Natasha Wheatley on the Transformation of Empire into Democracy
In Conversation with Andrew Keen on Keen On
Hosted by Andrew Keen, Keen On features conversations with some of the world’s leading thinkers and writers about the economic, political, and technological issues being discussed in the news, right now.
In this episode, Andrew talks to Natasha Wheatley, the author of The Life and Death of States, about the Central Europe and the transformation of modern sovereignty from empire to democracy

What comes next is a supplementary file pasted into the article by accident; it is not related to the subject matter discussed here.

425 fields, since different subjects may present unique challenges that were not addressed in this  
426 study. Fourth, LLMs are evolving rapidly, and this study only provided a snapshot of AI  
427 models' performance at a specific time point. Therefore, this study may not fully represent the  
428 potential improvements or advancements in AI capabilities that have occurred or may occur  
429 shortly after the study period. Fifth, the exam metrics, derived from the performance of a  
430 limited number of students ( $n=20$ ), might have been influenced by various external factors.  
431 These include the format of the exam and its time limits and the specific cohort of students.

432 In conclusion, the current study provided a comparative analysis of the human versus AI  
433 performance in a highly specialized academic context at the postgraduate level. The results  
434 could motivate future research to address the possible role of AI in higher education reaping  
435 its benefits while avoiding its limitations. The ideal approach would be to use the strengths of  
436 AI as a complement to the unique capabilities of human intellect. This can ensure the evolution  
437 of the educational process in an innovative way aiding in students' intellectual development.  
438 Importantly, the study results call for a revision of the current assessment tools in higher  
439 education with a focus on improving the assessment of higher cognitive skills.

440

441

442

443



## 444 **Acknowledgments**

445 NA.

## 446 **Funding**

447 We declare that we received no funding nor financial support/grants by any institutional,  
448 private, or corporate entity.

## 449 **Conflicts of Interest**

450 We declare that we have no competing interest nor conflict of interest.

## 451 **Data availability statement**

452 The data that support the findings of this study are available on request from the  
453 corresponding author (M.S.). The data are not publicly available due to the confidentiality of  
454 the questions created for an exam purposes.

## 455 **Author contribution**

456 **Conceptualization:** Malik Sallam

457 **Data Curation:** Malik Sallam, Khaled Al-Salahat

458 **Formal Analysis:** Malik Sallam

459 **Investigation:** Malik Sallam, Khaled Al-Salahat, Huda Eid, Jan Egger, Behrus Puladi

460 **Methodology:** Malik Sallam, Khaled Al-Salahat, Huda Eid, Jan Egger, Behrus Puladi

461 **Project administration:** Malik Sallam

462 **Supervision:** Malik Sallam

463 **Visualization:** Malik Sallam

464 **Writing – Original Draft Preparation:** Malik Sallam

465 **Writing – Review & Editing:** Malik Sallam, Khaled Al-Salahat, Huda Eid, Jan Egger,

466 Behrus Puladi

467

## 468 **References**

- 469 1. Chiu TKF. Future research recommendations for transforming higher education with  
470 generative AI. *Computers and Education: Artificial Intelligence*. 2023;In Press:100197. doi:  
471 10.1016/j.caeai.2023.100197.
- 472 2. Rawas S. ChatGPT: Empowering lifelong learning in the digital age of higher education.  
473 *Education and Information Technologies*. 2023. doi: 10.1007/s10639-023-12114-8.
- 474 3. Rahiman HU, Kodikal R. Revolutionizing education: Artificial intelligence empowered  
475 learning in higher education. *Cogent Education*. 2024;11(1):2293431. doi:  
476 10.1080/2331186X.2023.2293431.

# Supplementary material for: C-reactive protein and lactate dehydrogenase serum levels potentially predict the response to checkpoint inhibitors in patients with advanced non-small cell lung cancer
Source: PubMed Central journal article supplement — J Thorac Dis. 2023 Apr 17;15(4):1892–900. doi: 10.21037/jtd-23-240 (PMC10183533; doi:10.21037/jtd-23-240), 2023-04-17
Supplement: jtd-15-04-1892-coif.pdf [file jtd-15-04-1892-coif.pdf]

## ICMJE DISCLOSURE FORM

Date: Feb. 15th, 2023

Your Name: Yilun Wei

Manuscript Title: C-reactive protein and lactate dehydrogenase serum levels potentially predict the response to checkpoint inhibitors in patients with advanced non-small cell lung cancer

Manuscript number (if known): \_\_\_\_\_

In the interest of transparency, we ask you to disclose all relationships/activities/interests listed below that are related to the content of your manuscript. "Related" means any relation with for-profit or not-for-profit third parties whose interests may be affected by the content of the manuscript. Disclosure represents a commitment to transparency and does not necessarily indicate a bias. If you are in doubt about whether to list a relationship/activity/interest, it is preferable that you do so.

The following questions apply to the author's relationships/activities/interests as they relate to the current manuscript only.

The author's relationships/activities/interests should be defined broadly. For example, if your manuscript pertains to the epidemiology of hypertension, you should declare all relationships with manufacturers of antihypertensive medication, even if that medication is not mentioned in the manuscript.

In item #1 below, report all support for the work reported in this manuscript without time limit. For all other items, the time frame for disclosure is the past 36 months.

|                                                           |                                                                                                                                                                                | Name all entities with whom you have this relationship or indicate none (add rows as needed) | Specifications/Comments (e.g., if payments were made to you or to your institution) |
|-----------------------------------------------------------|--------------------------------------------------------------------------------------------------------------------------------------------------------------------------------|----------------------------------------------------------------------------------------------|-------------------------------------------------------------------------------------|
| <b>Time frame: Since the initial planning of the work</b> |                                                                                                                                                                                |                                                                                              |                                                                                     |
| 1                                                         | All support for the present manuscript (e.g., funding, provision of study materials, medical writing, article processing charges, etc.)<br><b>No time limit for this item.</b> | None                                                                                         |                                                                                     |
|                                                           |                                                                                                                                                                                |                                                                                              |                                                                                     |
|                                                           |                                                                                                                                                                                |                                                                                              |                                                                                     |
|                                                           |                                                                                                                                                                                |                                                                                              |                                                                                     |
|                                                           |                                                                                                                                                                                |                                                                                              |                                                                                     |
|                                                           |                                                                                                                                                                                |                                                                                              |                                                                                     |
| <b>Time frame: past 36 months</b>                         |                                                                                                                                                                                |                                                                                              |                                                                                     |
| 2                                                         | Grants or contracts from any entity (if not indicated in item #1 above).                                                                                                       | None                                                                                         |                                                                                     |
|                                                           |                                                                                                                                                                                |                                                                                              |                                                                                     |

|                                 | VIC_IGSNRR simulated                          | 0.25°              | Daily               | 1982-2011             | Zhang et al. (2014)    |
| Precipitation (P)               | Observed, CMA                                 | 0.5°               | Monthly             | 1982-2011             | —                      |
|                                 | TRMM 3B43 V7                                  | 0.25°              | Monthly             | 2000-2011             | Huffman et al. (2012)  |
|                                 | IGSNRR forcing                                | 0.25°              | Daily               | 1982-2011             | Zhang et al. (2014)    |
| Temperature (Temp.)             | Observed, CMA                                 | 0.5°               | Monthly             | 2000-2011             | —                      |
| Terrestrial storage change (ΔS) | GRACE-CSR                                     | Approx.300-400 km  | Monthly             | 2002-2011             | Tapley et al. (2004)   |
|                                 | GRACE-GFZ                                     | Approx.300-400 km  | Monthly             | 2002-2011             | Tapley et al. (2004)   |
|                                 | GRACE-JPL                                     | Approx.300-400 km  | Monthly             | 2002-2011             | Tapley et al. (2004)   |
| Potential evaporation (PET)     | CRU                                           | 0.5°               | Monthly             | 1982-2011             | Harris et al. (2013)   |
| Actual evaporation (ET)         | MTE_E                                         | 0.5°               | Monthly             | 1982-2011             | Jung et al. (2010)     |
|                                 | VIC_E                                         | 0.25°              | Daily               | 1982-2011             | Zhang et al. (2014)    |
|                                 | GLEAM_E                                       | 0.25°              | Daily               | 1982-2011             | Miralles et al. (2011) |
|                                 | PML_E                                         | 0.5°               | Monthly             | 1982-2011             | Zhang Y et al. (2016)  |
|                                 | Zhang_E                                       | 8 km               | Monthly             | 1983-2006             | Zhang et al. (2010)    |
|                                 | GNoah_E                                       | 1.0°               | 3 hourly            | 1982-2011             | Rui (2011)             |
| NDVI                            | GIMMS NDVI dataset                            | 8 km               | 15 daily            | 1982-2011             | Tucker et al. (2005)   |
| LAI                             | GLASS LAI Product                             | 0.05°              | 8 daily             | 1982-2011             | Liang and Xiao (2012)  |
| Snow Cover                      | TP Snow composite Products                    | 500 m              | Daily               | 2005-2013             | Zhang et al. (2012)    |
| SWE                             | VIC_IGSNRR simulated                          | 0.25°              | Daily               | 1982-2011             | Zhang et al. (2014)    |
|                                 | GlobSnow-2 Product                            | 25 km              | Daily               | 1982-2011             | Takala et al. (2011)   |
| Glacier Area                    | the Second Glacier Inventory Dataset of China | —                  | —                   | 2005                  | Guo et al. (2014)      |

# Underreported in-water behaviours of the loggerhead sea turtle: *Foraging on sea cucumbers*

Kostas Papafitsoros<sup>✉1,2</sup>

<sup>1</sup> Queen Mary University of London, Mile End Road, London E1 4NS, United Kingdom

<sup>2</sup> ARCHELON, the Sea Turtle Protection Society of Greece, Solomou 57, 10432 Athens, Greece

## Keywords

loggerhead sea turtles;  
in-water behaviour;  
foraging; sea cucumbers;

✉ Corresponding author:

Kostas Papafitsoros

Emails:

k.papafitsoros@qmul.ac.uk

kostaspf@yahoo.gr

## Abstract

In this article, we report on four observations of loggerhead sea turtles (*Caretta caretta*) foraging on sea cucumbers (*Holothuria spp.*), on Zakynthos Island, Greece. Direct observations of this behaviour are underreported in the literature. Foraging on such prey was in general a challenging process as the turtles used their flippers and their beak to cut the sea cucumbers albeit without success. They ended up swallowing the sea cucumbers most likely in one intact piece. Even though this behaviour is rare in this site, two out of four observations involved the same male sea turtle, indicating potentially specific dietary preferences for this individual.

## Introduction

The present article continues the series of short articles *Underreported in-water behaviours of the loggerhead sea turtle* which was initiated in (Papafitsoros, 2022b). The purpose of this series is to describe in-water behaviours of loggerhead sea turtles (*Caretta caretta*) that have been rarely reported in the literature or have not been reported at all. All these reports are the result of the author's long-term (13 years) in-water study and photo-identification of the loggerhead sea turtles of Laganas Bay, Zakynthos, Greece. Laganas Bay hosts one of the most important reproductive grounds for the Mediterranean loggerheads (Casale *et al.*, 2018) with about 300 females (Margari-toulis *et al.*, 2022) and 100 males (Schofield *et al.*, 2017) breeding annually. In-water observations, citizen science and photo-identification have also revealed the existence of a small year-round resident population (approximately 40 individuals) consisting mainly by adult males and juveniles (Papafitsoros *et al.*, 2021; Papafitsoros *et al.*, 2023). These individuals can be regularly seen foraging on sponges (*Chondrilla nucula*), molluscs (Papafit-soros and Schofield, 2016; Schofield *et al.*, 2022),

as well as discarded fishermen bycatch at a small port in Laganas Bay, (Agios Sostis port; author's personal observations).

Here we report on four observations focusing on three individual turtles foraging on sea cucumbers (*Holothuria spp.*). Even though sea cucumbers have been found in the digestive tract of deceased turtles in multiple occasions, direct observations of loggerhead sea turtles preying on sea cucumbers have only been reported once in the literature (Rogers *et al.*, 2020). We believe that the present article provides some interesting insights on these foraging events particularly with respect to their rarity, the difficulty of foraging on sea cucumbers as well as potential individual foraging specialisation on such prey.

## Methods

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Assistant Professor of History at Princeton, Natasha Wheatley is an historian of modern European and international history, with broad interests in intellectual and legal history, Central Europe, and the history of international law. Her book The Life and Death of States: Central Europe and the Transformation of Modern Sovereignty was published by Princeton University Press in spring 2023. It recovers Habsburg Central Europe as a crucible for modern statehood and modern legal thought. The radical mismatch between theories of singular sovereignty and the empire’s plural, layered legal order pushed politicians as well as scholars like Hans Kelsen toward bold new conceptions of the state and the nature of law. The book follows a recurring set of questions about the juridical birth, death, and survival of states through the creative experiments of Austro-Hungarian constitutional order and into the domain of international law following the empire’s collapse in 1918. Tracing the problem of states-in-time from the mid-19th century through to the mid-20th, it presents an unfamiliar pre-history of the international law of decolonization, as well as new ways of understanding Central Europe in the world. Wheatley has published research on multiple facets of the interwar international order—including the League of Nations, the mandates system, and the minorities regime—in Past & Present and elsewhere. Her interest in methodology, historical epistemology, and the philosophy of history has led to essays in History and Theory and the edited volume Power and Time. Her article “Spectral Legal Personality in Interwar International Law” received the Surrency Prize from the American Society for Legal History in 2018. Her chapter “Legal Pluralism as Temporal Pluralism” was awarded the 2021 Scholarship Prize from the American Society of International Law’s International Legal Theory Group. Supported by a Humboldt fellowship and a Remarque fellowship, she is currently at work on a new project titled Laws of Water, Air, Earth, and Fire: Sovereignty Among the Elements. Wheatley received her Ph.D. with distinction from Columbia University in 2016. Before joining the Princeton faculty, she was an ARC Postdoctoral Fellow in the Laureate Research Program in International History at the University of Sydney. She has held fellowships in Vienna, Berlin, and Cambridge, and her research has been supported by the Doris G. Quinn Foundation, the Austrian Agency for International Cooperation in Education and Research, the Central European History Society, and the Australian Academy of the Humanities, among others. She was a Fellow at the Wissenschaftskolleg in Berlin for the 2019-20 academic year.